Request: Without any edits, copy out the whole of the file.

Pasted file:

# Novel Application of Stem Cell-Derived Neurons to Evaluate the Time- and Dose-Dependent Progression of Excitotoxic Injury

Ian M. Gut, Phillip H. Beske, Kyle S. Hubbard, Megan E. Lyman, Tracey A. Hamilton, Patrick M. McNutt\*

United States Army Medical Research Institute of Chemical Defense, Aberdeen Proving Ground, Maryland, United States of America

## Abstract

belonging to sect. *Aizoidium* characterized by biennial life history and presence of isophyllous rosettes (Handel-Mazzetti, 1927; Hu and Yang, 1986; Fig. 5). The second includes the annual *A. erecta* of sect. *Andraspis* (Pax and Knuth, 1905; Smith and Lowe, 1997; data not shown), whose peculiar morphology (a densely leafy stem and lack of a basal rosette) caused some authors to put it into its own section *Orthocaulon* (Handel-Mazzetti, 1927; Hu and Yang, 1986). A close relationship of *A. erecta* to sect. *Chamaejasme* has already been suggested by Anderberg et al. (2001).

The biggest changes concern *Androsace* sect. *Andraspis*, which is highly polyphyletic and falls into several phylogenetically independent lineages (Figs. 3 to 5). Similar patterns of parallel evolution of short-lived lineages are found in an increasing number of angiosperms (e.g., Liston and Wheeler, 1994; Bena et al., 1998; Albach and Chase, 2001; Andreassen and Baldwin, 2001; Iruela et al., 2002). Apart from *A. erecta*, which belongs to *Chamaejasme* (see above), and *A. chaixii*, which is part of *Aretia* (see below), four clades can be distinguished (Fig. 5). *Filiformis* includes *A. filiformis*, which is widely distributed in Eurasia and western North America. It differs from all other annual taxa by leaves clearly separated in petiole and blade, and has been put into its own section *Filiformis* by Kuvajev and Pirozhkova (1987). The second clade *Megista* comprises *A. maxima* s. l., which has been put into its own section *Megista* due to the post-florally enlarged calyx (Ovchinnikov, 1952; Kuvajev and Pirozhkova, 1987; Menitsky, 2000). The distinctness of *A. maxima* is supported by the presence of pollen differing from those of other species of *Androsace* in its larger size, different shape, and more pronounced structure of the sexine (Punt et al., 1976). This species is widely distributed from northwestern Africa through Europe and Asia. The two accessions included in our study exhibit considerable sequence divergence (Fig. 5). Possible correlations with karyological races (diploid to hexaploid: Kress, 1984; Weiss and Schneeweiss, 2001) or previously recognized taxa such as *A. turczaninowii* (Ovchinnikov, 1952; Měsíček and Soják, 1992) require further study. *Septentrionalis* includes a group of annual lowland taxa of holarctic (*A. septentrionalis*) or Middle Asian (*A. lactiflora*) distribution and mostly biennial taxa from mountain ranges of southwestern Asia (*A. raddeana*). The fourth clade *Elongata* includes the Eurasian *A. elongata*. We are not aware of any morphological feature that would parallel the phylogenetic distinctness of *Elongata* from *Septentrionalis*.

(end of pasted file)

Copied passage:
# Novel Application of Stem Cell-Derived Neurons to Evaluate the Time- and Dose-Dependent Progression of Excitotoxic Injury

Ian M. Gut, Phillip H. Beske, Kyle S. Hubbard, Megan E. Lyman, Tracey A. Hamilton, Patrick M. McNutt\*

United States Army Medical Research Institute of Chemical Defense, Aberdeen Proving Ground, Maryland, United States of America

## Abstract

belonging to sect. *Aizoidium* characterized by biennial life history and presence of isophyllous rosettes (Handel-Mazzetti, 1927; Hu and Yang, 1986; Fig. 5). The second includes the annual *A. erecta* of sect. *Andraspis* (Pax and Knuth, 1905; Smith and Lowe, 1997; data not shown), whose peculiar morphology (a densely leafy stem and lack of a basal rosette) caused some authors to put it into its own section *Orthocaulon* (Handel-Mazzetti, 1927; Hu and Yang, 1986). A close relationship of *A. erecta* to sect. *Chamaejasme* has already been suggested by Anderberg et al. (2001).

The biggest changes concern *Androsace* sect. *Andraspis*, which is highly polyphyletic and falls into several phylogenetically independent lineages (Figs. 3 to 5). Similar patterns of parallel evolution of short-lived lineages are found in an increasing number of angiosperms (e.g., Liston and Wheeler, 1994; Bena et al., 1998; Albach and Chase, 2001; Andreassen and Baldwin, 2001; Iruela et al., 2002). Apart from *A. erecta*, which belongs to *Chamaejasme* (see above), and *A. chaixii*, which is part of *Aretia* (see below), four clades can be distinguished (Fig. 5). *Filiformis* includes *A. filiformis*, which is widely distributed in Eurasia and western North America. It differs from all other annual taxa by leaves clearly separated in petiole and blade, and has been put into its own section *Filiformis* by Kuvajev and Pirozhkova (1987). The second clade *Megista* comprises *A. maxima* s. l., which has been put into its own section *Megista* due to the post-florally enlarged calyx (Ovchinnikov, 1952; Kuvajev and Pirozhkova, 1987; Menitsky, 2000). The distinctness of *A. maxima* is supported by the presence of pollen differing from those of other species of *Androsace* in its larger size, different shape, and more pronounced structure of the sexine (Punt et al., 1976). This species is widely distributed from northwestern Africa through Europe and Asia. The two accessions included in our study exhibit considerable sequence divergence (Fig. 5). Possible correlations with karyological races (diploid to hexaploid: Kress, 1984; Weiss and Schneeweiss, 2001) or previously recognized taxa such as *A. turczaninowii* (Ovchinnikov, 1952; Měsíček and Soják, 1992) require further study. *Septentrionalis* includes a group of annual lowland taxa of holarctic (*A. septentrionalis*) or Middle Asian (*A. lactiflora*) distribution and mostly biennial taxa from mountain ranges of southwestern Asia (*A. raddeana*). The fourth clade *Elongata* includes the Eurasian *A. elongata*. We are not aware of any morphological feature that would parallel the phylogenetic distinctness of *Elongata* from *Septentrionalis*.